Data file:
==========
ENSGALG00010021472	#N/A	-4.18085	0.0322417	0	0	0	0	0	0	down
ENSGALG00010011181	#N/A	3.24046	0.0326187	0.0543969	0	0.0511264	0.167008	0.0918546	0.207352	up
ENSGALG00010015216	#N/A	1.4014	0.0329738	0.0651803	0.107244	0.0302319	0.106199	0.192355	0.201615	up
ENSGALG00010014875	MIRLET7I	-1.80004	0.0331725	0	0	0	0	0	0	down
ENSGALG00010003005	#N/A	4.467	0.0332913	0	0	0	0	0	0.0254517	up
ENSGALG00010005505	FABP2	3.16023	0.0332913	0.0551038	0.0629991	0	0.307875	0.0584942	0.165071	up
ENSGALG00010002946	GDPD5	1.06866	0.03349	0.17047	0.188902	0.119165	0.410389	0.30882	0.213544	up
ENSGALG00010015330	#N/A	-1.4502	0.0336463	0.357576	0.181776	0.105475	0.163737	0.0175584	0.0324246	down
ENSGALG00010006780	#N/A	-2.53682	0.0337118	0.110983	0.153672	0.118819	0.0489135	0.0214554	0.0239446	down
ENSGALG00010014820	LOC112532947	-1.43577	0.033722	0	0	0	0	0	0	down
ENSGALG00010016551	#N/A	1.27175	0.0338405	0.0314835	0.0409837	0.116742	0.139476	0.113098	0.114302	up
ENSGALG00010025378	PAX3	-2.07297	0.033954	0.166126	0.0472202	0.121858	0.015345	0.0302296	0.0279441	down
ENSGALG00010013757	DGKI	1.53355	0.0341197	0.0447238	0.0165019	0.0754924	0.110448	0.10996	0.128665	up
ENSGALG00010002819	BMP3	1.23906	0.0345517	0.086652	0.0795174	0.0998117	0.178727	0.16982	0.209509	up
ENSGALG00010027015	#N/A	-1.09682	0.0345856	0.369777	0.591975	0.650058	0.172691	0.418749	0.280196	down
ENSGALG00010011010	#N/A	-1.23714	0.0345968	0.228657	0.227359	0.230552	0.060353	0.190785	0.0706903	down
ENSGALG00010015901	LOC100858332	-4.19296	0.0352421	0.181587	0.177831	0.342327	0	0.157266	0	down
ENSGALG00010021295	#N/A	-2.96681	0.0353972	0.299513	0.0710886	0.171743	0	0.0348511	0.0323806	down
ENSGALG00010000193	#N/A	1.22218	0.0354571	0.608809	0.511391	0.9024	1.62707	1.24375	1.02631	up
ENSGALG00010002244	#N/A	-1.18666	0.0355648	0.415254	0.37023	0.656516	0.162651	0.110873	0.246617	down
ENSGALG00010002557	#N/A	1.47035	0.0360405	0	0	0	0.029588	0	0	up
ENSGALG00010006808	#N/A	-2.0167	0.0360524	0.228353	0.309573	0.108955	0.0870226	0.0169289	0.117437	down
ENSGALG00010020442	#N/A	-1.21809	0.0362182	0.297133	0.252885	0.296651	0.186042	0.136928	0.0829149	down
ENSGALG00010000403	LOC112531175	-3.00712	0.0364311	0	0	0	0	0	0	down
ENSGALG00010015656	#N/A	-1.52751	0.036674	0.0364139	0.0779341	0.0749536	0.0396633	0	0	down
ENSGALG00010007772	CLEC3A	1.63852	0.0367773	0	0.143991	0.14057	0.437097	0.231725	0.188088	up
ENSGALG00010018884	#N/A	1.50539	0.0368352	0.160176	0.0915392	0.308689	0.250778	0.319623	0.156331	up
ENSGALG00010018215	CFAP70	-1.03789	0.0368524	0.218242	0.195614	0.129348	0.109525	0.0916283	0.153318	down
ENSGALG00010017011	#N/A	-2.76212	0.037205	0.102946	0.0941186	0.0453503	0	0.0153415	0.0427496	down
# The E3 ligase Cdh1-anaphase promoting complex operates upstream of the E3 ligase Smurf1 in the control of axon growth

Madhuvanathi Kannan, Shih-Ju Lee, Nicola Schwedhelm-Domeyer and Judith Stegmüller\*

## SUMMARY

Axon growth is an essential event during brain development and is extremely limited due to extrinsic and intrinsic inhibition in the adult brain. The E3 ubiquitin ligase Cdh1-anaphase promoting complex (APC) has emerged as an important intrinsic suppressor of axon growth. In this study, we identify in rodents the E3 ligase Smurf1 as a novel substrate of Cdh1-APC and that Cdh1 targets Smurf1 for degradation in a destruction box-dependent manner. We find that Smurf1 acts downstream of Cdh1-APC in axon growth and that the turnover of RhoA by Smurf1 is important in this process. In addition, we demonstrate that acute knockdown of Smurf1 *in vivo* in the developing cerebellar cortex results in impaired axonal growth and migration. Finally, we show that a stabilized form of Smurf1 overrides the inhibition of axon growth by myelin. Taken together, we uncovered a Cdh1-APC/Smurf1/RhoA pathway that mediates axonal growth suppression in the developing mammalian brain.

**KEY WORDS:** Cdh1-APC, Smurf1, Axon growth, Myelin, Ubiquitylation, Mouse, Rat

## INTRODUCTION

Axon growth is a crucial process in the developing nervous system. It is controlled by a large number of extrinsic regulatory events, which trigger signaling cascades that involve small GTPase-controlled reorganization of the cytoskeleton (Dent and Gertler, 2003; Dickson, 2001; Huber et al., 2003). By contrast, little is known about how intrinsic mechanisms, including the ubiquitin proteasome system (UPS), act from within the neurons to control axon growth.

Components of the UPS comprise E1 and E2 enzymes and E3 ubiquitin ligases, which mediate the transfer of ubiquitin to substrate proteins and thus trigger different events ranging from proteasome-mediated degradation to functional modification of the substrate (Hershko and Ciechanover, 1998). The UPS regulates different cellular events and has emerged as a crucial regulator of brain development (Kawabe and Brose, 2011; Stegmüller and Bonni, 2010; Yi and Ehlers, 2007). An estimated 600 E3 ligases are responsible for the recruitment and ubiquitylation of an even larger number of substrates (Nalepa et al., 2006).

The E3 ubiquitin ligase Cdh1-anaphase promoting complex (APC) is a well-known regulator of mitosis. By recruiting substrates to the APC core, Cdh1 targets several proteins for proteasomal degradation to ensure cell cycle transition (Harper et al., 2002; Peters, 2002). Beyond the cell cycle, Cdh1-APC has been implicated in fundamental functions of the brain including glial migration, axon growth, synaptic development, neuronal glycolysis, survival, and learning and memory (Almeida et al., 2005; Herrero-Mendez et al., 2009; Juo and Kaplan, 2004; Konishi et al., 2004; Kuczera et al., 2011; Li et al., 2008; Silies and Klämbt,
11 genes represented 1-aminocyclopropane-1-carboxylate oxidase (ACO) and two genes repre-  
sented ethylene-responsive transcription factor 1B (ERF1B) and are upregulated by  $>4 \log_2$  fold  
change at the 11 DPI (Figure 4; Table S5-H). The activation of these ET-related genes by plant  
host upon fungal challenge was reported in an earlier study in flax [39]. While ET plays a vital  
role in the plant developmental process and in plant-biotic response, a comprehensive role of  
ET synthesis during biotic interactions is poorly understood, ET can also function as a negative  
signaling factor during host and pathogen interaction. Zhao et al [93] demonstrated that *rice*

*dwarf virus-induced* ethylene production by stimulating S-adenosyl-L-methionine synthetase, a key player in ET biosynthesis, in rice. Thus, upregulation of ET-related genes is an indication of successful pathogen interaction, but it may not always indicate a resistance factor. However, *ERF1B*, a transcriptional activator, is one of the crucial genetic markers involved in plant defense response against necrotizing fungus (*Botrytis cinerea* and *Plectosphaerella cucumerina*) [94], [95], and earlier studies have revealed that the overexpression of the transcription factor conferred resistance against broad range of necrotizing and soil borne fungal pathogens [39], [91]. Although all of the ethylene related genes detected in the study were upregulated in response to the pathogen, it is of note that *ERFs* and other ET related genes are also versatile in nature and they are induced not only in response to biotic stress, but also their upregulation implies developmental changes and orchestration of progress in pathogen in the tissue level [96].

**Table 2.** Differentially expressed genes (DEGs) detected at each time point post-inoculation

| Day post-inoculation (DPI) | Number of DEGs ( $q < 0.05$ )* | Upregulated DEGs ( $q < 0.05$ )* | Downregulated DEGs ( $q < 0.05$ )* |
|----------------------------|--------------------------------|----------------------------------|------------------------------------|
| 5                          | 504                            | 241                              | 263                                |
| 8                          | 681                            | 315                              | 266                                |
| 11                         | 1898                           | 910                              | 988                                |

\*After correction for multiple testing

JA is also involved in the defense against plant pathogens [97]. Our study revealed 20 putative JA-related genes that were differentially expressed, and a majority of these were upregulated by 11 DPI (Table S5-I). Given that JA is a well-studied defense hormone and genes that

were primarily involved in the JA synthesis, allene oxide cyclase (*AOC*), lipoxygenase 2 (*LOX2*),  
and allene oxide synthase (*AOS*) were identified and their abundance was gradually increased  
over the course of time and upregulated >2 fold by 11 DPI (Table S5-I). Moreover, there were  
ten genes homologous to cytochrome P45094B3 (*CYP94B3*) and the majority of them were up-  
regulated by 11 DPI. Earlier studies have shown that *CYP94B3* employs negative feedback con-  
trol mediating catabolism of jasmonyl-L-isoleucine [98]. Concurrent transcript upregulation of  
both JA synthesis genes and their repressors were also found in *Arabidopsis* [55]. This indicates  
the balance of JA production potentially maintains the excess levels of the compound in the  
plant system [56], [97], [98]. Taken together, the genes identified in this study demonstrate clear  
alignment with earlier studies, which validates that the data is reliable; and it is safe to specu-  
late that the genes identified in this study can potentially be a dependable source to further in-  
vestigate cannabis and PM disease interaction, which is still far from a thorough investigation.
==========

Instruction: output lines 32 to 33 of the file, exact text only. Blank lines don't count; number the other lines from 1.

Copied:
## SUMMARY

Axon growth is an essential event during brain development and is extremely limited due to extrinsic and intrinsic inhibition in the adult brain. The E3 ubiquitin ligase Cdh1-anaphase promoting complex (APC) has emerged as an important intrinsic suppressor of axon growth. In this study, we identify in rodents the E3 ligase Smurf1 as a novel substrate of Cdh1-APC and that Cdh1 targets Smurf1 for degradation in a destruction box-dependent manner. We find that Smurf1 acts downstream of Cdh1-APC in axon growth and that the turnover of RhoA by Smurf1 is important in this process. In addition, we demonstrate that acute knockdown of Smurf1 *in vivo* in the developing cerebellar cortex results in impaired axonal growth and migration. Finally, we show that a stabilized form of Smurf1 overrides the inhibition of axon growth by myelin. Taken together, we uncovered a Cdh1-APC/Smurf1/RhoA pathway that mediates axonal growth suppression in the developing mammalian brain.